Army Ants Obey Traffic Plan to Avoid Jams, Study Says

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One of the rules obeyed by ants is that each blind forager instinctively turns away from other ants approaching it in the opposite direction.

In order to determine how a phalanx of foragers leaving the nest chooses a direction in which to raid, the pair looked to another behavioral pattern known as a circular mill. When ants are separated off from the main colony—in the laboratory or under exceptionally heavy rainfall in the wild—they often form a milling circle, trailing around in the same direction.

The computer model revealed that the rotation direction is mostly determined by chance. As more and more ants move in one random direction, it becomes increasingly difficult for other ants to go against the flow, as they collide with ants moving in the opposite direction, and are forced to turn around. This behavior#151;whereby ants eventually are forced to move in the same direction—may explain how the raiding party decides on a direction in which to hunt, said Couzin.

The Big Picture

"Many complex and seemingly organized group behaviors…have been shown to emerge from the collective action of individuals that do not have an understanding of the big picture," commented Martin Burd who studies evolution and behavior at Monash University in Melbourne Australia.

Another simple rule is that ants follow a trail of smelly chemicals, laid down by other ants. Like painted stripes on a road, these chemicals tell the poorly-sighted foragers which way to go.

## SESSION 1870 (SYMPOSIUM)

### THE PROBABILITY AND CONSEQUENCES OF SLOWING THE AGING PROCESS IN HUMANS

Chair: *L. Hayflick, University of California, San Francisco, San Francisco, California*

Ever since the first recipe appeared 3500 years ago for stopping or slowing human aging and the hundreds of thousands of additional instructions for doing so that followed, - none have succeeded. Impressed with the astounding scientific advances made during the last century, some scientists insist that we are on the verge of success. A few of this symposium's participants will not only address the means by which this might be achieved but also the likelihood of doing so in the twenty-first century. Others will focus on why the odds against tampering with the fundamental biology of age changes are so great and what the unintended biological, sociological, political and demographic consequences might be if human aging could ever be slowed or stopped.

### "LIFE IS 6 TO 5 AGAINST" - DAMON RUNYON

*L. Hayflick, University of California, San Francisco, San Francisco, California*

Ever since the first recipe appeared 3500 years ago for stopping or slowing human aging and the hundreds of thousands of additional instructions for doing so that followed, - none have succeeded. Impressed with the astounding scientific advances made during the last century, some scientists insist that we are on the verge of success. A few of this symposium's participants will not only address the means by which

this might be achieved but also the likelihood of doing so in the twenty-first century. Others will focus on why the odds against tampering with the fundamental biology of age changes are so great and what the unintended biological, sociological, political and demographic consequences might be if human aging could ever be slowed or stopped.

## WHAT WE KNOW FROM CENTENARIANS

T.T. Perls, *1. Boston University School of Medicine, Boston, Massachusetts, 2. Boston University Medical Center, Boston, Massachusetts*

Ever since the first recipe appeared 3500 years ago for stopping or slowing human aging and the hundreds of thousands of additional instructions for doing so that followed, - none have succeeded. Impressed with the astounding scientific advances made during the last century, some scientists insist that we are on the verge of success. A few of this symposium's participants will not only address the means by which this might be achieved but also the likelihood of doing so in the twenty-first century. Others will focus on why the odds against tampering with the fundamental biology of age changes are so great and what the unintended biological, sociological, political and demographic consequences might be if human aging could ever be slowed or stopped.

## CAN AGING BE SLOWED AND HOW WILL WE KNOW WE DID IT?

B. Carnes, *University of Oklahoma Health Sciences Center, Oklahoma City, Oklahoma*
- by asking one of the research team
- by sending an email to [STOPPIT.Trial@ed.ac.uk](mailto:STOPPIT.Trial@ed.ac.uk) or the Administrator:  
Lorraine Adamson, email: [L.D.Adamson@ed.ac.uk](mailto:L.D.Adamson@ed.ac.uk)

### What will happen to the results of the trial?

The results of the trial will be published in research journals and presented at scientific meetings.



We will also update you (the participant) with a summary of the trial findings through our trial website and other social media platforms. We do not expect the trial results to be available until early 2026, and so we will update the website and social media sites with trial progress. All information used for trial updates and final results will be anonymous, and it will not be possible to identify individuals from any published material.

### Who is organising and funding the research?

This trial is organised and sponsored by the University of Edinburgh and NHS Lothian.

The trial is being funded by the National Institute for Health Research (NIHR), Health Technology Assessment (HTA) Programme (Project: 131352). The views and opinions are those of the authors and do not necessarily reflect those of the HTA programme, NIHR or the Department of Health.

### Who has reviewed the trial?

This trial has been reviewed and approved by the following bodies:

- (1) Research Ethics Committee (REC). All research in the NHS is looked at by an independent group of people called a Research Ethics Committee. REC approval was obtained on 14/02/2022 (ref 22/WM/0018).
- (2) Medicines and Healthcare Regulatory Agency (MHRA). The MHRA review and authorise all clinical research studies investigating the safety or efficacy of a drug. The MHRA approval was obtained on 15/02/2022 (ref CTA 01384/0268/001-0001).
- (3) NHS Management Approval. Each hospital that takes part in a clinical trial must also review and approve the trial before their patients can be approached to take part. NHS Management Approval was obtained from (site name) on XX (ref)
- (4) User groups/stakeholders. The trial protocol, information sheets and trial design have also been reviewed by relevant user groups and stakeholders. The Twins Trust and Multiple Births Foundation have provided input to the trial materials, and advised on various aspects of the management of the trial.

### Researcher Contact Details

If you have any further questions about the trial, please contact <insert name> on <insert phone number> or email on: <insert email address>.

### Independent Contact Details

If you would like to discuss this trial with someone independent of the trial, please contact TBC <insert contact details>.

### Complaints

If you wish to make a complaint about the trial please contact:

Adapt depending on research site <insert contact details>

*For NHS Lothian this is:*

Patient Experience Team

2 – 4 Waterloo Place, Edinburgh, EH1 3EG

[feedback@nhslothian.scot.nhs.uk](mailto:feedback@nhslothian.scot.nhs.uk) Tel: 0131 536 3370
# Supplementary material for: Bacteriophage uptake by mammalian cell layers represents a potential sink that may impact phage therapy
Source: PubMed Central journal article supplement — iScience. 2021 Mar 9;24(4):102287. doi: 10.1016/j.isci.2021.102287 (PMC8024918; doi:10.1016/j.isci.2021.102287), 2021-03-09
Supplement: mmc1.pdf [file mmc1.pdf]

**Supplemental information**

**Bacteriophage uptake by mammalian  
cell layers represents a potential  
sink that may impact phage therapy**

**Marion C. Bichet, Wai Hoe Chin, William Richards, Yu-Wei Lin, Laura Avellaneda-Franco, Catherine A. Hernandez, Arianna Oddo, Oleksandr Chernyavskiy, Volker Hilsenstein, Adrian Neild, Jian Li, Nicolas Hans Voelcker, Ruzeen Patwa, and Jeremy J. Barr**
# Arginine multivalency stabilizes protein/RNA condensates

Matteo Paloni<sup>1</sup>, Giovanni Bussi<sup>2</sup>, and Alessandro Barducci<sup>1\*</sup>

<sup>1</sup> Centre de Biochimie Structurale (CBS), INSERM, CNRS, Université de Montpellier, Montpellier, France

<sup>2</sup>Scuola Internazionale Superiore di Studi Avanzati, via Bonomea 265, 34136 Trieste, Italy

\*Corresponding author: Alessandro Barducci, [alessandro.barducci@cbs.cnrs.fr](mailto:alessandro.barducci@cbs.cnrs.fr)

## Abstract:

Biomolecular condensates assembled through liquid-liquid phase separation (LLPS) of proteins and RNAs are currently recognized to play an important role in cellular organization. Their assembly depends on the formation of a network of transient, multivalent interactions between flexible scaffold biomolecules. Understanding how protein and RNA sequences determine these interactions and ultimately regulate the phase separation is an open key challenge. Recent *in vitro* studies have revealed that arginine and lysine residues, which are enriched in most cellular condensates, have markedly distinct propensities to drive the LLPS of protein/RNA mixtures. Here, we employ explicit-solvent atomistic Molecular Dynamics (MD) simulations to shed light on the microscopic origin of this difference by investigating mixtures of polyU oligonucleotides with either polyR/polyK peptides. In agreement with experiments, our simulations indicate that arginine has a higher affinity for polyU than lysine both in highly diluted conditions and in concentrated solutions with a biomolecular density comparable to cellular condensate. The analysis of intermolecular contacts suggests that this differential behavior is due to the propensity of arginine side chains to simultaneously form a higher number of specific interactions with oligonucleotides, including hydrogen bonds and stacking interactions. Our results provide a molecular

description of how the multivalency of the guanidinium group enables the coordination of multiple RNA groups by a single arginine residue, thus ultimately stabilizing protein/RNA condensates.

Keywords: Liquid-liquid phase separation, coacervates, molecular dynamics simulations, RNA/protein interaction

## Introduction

When raiders set out, they move along the chemical trails at high speed in one direction. However, as they encounter prey, they must return along the freeway to the nest. This task is initially very difficult with an onslaught of speeding traffic coming in the opposite direction.

Couzin and Franks found that a simple difference in the rate at which returning ants are prepared to turn away to avoid head on collisions is enough to order ant-freeways into three efficiently organized traffic lanes.

All the ants instinctively prefer to be at the center of the trail, where the strongest marker fragrance can be found. However, as returning ants—burdened with invertebrate cargo—are less likely to turn to avoid a collision, a stream of these foragers end up forming the central lane of the freeway.

Outbound ants, which more rapidly dodge to avoid collisions, end up forming two lanes on either side of the homeward-bound trail.

This research "shows how simple responses to local information, allows organized traffic lanes to form, instead of a helter-skelter mob of aimless ants…no traffic cops, no road maps, no ministry of transportation," said Burd.

The emergence of "self-organized" patterns has been shown to be a general pattern in many other species of social insects, such as termites and bees, agreed David Sumpter a mathematician at Oxford University in England.

The ability to form congestion-minimizing traffic lanes in E.burchelli has probably evolved due to the great time constraints imposed on raiding parties, said Couzin. Raiding parties leave at dawn and must return by dusk, when the colony emigrates.

The findings were recently detailed in the journal Proceedings of the Royal Society B.

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